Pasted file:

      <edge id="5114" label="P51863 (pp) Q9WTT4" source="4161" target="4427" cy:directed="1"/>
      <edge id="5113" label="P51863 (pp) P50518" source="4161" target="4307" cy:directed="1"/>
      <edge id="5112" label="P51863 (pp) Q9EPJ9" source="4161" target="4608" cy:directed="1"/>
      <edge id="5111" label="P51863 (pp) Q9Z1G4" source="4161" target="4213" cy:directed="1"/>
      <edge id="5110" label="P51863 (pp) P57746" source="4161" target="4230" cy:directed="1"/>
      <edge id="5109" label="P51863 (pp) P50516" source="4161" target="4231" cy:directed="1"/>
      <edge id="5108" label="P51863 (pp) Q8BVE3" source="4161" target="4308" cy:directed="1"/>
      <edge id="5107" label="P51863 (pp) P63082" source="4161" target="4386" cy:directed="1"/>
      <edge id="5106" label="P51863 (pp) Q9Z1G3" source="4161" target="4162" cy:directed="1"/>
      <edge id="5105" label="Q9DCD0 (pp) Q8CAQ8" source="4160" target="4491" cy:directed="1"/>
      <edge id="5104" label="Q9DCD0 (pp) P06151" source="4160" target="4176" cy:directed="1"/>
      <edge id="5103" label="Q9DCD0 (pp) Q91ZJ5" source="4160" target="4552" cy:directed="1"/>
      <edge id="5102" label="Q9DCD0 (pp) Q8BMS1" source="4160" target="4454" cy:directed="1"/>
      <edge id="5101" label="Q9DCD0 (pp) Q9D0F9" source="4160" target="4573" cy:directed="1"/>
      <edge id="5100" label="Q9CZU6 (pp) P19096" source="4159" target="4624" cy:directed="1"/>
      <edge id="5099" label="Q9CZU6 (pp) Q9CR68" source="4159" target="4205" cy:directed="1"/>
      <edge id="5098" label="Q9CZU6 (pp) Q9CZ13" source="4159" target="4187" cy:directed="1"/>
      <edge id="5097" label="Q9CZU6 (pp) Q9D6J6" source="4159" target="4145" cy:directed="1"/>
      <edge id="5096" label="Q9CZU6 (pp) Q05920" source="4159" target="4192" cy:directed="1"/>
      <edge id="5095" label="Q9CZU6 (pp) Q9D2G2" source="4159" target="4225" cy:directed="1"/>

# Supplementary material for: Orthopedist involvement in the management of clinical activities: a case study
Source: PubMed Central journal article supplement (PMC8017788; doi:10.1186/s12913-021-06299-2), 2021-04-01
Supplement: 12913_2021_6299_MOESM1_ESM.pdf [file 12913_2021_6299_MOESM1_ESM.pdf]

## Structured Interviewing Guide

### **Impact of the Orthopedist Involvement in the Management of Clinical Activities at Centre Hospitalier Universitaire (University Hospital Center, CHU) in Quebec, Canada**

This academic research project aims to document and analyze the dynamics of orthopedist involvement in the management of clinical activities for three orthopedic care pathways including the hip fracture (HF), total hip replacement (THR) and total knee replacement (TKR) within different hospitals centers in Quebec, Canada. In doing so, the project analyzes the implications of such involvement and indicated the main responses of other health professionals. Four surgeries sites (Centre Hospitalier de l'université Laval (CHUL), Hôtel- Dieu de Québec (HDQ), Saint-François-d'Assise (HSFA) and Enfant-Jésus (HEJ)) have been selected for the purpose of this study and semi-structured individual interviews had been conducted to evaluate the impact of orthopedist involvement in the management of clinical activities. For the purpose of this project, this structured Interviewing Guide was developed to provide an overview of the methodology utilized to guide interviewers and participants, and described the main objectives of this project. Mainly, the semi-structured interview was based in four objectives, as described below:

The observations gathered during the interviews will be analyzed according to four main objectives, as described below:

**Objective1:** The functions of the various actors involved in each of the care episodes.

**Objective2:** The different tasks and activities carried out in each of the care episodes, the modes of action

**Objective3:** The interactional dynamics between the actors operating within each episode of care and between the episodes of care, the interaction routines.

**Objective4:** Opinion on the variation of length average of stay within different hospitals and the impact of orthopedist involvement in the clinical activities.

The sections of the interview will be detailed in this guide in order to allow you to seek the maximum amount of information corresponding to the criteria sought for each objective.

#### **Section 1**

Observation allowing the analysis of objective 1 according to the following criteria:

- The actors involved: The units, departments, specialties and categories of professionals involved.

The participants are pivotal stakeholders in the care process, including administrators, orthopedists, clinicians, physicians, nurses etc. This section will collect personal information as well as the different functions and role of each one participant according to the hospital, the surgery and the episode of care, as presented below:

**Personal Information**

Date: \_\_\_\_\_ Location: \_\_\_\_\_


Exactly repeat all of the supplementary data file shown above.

      <edge id="5114" label="P51863 (pp) Q9WTT4" source="4161" target="4427" cy:directed="1"/>
      <edge id="5113" label="P51863 (pp) P50518" source="4161" target="4307" cy:directed="1"/>
      <edge id="5112" label="P51863 (pp) Q9EPJ9" source="4161" target="4608" cy:directed="1"/>
      <edge id="5111" label="P51863 (pp) Q9Z1G4" source="4161" target="4213" cy:directed="1"/>
      <edge id="5110" label="P51863 (pp) P57746" source="4161" target="4230" cy:directed="1"/>
      <edge id="5109" label="P51863 (pp) P50516" source="4161" target="4231" cy:directed="1"/>
      <edge id="5108" label="P51863 (pp) Q8BVE3" source="4161" target="4308" cy:directed="1"/>
      <edge id="5107" label="P51863 (pp) P63082" source="4161" target="4386" cy:directed="1"/>
      <edge id="5106" label="P51863 (pp) Q9Z1G3" source="4161" target="4162" cy:directed="1"/>
      <edge id="5105" label="Q9DCD0 (pp) Q8CAQ8" source="4160" target="4491" cy:directed="1"/>
      <edge id="5104" label="Q9DCD0 (pp) P06151" source="4160" target="4176" cy:directed="1"/>
      <edge id="5103" label="Q9DCD0 (pp) Q91ZJ5" source="4160" target="4552" cy:directed="1"/>
      <edge id="5102" label="Q9DCD0 (pp) Q8BMS1" source="4160" target="4454" cy:directed="1"/>
      <edge id="5101" label="Q9DCD0 (pp) Q9D0F9" source="4160" target="4573" cy:directed="1"/>
      <edge id="5100" label="Q9CZU6 (pp) P19096" source="4159" target="4624" cy:directed="1"/>
      <edge id="5099" label="Q9CZU6 (pp) Q9CR68" source="4159" target="4205" cy:directed="1"/>
      <edge id="5098" label="Q9CZU6 (pp) Q9CZ13" source="4159" target="4187" cy:directed="1"/>
      <edge id="5097" label="Q9CZU6 (pp) Q9D6J6" source="4159" target="4145" cy:directed="1"/>
      <edge id="5096" label="Q9CZU6 (pp) Q05920" source="4159" target="4192" cy:directed="1"/>
      <edge id="5095" label="Q9CZU6 (pp) Q9D2G2" source="4159" target="4225" cy:directed="1"/>

# Supplementary material for: Orthopedist involvement in the management of clinical activities: a case study
Source: PubMed Central journal article supplement (PMC8017788; doi:10.1186/s12913-021-06299-2), 2021-04-01
Supplement: 12913_2021_6299_MOESM1_ESM.pdf [file 12913_2021_6299_MOESM1_ESM.pdf]

## Structured Interviewing Guide

### **Impact of the Orthopedist Involvement in the Management of Clinical Activities at Centre Hospitalier Universitaire (University Hospital Center, CHU) in Quebec, Canada**

This academic research project aims to document and analyze the dynamics of orthopedist involvement in the management of clinical activities for three orthopedic care pathways including the hip fracture (HF), total hip replacement (THR) and total knee replacement (TKR) within different hospitals centers in Quebec, Canada. In doing so, the project analyzes the implications of such involvement and indicated the main responses of other health professionals. Four surgeries sites (Centre Hospitalier de l'université Laval (CHUL), Hôtel- Dieu de Québec (HDQ), Saint-François-d'Assise (HSFA) and Enfant-Jésus (HEJ)) have been selected for the purpose of this study and semi-structured individual interviews had been conducted to evaluate the impact of orthopedist involvement in the management of clinical activities. For the purpose of this project, this structured Interviewing Guide was developed to provide an overview of the methodology utilized to guide interviewers and participants, and described the main objectives of this project. Mainly, the semi-structured interview was based in four objectives, as described below:

The observations gathered during the interviews will be analyzed according to four main objectives, as described below:

**Objective1:** The functions of the various actors involved in each of the care episodes.

**Objective2:** The different tasks and activities carried out in each of the care episodes, the modes of action

**Objective3:** The interactional dynamics between the actors operating within each episode of care and between the episodes of care, the interaction routines.

**Objective4:** Opinion on the variation of length average of stay within different hospitals and the impact of orthopedist involvement in the clinical activities.

The sections of the interview will be detailed in this guide in order to allow you to seek the maximum amount of information corresponding to the criteria sought for each objective.

#### **Section 1**

Observation allowing the analysis of objective 1 according to the following criteria:

- The actors involved: The units, departments, specialties and categories of professionals involved.

The participants are pivotal stakeholders in the care process, including administrators, orthopedists, clinicians, physicians, nurses etc. This section will collect personal information as well as the different functions and role of each one participant according to the hospital, the surgery and the episode of care, as presented below:

**Personal Information**

Date: \_\_\_\_\_ Location: \_\_\_\_\_